Sunday 7th August 2022 – Wild Flower Meadow Management
Before Eatock was a Local Nature reserve it was just an abandoned industrial lodge, that lodge belonged to a colliery, before the colliery there was a farm, and before the farm there were open fields. The first record of the name Eatock in Westhoughton was in 1739, this and architectural evidence, place the building of Eatock’s Farm’s farm house at around the same time. The farm passed through several hands and was originally larger than it was in its final years, however, in 1862 some of the farm’s land was leased by Wigan Coal and Iron and in 1882 construction began on a new colliery. In 1890 Eatock Colliery started producing coal from its 1000 foot deep shafts, the mine continued to operate until 1936 when it finally closed and was then demolished. The closure was partly due to The Coalfields Act 1930 forcing the merger of collieries into larger amalgamated concerns, but also Eatock’s history of flooding and the fractured nature of its coal seams made it too expensive to continue.
At this time Eatock Farm was owned by John Gregory, who also owned nearby Hoskers Farm. In 1944, John Mather Snr, a former shunter driver at Eatock Colliery, purchased the farm from him. With his wife, Annie, their children, John and Jessie, and Annie’s sister Emily, John Snr. ran the farm for dairy, eggs and apples, serving the people of Daisy Hill and Westhoughton until 1973. Over this time the Mather family acted as stewards to the lodge and pit shafts keeping them safe from intruders. But in 1973 Eatock Farm closed after being served with a Compulsory Purchase Order by Manchester Council which had plans to develop the site. Once vacated the buildings were immediately demolished and the land left vacant until 1978, the area was then landscaped and the shafts filled in with the material from the spoil tips. The site was then left again until housing development began in the 1990s.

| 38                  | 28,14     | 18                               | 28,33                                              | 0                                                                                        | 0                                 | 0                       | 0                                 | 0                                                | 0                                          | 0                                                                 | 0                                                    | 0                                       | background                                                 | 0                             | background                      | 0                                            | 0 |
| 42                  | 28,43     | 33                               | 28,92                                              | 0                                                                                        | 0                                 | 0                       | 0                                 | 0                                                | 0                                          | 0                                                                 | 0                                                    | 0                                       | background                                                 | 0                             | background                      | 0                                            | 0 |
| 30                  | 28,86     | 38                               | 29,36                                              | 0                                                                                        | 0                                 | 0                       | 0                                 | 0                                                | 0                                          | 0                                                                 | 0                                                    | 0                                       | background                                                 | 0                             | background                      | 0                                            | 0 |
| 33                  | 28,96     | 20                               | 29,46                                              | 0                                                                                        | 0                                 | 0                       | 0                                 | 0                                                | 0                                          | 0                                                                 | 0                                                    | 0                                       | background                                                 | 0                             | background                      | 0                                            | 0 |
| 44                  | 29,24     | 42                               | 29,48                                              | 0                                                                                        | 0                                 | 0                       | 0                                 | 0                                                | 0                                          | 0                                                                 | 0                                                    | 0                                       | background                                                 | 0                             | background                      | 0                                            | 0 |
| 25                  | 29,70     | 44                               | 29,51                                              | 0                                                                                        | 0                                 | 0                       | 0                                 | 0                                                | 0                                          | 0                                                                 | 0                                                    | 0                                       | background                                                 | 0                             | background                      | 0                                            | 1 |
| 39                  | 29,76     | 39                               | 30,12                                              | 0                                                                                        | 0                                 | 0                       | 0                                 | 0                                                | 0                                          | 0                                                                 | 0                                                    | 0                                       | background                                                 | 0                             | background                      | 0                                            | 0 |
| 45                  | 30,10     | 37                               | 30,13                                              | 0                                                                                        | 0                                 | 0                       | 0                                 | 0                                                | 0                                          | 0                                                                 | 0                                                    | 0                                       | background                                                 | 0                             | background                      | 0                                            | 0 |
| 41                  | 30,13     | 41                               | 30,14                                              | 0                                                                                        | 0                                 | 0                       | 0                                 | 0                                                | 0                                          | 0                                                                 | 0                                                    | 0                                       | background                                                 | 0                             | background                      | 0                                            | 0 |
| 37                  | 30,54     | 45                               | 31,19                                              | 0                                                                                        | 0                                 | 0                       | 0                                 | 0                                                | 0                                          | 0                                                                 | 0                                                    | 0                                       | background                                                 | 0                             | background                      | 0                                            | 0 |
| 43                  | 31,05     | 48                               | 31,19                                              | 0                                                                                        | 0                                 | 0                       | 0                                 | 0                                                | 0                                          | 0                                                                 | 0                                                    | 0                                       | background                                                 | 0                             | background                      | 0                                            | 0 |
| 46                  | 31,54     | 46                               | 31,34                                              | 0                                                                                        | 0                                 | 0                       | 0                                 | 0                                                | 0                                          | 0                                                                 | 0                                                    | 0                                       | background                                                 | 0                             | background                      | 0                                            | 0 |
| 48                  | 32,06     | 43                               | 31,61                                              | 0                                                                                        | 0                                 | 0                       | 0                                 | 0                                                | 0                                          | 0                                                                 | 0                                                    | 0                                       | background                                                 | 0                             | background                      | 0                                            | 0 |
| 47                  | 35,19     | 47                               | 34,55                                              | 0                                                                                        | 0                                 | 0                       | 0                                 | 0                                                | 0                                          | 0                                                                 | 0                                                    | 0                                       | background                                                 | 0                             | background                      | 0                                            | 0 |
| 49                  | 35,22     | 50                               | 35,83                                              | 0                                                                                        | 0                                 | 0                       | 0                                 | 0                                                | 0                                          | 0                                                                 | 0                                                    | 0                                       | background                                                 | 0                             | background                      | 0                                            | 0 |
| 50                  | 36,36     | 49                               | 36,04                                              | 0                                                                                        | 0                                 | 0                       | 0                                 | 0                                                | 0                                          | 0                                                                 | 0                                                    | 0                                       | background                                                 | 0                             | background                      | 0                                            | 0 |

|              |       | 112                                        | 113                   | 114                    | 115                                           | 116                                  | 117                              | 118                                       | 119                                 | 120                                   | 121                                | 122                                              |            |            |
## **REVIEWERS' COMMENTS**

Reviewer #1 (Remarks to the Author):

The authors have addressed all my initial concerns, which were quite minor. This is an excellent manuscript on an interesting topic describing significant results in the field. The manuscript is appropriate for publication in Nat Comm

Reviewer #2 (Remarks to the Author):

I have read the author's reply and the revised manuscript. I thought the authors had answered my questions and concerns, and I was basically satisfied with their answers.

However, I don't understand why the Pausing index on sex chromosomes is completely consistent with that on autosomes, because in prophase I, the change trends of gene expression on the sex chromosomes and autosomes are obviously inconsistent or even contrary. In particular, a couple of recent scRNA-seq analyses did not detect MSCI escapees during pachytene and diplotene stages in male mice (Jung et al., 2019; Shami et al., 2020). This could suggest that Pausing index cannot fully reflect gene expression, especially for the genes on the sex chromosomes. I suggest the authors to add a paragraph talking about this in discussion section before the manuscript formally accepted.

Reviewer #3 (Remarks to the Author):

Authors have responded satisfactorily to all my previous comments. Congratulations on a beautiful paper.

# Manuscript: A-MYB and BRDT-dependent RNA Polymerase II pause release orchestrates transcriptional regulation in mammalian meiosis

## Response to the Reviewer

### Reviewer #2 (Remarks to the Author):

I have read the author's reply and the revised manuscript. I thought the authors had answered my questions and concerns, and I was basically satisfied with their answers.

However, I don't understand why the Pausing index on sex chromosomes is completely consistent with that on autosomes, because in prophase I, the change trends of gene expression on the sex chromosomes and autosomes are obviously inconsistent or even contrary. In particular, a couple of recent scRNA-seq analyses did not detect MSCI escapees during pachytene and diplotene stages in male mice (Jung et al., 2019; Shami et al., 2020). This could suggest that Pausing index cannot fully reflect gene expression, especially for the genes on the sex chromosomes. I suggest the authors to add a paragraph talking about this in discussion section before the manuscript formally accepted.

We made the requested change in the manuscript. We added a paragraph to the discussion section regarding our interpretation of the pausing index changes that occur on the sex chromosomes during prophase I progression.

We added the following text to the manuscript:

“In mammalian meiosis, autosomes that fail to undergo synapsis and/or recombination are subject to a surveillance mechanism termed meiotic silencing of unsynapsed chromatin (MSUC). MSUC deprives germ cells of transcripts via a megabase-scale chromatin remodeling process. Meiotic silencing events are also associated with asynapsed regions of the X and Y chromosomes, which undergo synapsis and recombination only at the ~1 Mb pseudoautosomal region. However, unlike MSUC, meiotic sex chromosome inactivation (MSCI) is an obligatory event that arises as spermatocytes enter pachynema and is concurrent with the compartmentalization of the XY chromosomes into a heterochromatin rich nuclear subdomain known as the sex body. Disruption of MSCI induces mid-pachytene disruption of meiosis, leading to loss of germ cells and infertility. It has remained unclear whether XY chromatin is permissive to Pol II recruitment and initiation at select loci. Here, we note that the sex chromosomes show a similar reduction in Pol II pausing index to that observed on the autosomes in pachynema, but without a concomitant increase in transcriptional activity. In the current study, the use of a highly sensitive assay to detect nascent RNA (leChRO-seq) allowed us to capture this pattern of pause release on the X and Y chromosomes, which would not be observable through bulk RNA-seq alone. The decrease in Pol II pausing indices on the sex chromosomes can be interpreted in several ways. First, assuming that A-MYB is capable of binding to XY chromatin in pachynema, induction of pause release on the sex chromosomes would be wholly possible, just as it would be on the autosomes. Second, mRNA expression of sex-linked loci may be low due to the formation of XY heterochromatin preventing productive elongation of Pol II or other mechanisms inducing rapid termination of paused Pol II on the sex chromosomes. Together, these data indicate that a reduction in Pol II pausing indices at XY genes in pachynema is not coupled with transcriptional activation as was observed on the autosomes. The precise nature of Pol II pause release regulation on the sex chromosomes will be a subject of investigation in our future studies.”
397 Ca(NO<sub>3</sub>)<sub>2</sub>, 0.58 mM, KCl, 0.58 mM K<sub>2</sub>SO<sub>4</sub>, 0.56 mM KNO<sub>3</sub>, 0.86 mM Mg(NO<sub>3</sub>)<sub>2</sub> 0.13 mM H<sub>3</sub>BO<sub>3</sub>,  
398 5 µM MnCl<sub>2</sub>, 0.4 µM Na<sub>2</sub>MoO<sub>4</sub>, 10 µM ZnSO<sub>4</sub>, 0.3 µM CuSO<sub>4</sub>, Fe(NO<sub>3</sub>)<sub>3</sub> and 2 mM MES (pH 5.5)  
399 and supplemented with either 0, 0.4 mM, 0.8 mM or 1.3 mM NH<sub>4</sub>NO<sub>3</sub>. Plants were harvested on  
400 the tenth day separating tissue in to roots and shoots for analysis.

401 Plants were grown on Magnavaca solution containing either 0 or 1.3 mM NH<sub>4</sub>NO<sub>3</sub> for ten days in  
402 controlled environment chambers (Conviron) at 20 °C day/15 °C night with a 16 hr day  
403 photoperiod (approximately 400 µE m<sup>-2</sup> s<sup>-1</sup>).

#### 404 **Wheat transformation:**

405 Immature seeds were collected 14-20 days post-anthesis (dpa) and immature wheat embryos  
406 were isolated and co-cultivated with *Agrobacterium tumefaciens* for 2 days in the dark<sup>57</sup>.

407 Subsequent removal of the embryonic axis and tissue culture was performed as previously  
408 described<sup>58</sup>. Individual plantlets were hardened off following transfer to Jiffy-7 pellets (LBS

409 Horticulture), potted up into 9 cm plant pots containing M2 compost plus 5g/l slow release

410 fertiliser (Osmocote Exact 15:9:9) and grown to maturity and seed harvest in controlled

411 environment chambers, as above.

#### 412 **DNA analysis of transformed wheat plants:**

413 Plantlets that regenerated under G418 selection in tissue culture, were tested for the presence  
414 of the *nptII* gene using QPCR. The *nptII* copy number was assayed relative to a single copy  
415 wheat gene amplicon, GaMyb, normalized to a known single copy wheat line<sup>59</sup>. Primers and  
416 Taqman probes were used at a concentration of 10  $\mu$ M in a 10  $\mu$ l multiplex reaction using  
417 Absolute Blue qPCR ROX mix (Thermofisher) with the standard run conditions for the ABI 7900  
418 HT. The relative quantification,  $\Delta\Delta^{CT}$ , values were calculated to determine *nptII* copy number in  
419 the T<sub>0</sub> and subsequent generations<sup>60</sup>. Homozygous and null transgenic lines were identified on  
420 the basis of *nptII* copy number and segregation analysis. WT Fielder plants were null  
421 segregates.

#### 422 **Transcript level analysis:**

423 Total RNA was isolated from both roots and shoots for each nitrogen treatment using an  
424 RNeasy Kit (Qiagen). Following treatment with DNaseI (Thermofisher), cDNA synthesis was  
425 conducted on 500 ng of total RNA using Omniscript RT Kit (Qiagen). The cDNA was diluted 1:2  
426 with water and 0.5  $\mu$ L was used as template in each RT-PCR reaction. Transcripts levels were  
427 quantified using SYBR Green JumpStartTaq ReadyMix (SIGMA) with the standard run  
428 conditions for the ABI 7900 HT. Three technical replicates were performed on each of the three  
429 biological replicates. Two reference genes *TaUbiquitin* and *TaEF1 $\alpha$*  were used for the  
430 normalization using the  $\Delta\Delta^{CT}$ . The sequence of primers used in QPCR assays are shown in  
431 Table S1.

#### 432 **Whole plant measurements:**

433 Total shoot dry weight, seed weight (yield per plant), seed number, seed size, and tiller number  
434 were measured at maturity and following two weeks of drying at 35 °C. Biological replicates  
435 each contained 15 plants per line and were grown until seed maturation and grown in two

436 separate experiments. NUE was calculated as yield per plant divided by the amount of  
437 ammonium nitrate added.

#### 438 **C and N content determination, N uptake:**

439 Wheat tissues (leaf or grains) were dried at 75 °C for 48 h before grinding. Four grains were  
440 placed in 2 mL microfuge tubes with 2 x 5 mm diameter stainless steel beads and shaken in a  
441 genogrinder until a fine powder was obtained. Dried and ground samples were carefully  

But the story didn’t end there. Just before the housing development began a team of ecologists, including BCV’s Rick Parker, did a torch-light search for amphibians and found over 1000 breeding toads on the site. This unprecedented find resulted in Eatock Lodge being designated a Site of Biological Importance Grade ‘B’ in 2000, and as a Local Nature Reserve in 2004. Eatock Lodge LNR is now home to toads, swans, heron, hedgehogs, and emperor dragonfly.
John and Annie’s daughter, daughter in-law, grandchildren, great grandchildren and great-great grandchildren now live in London, Weymouth, Leigh, Bolton, and Westhoughton, and one even works with BCV. I’ll give you a guess who that is.
Today’s task at Eatock, with members of the Friends of Eatock Lodge group, involved cutting back scrub from the flower meadow and using it to create barriers to stop anti-social activities on other parts of the site. At the moment the meadow contains mostly field scabious but we’re hoping to extend the number of species; meadows help to support pollinators such as bees, butterflies, and moths. Eatock Lodge is a wildlife island amongst a sea of houses, a place where wild animals can find sanctuary, food and water in an increasingly urbanised human environment. A good place to raise a family.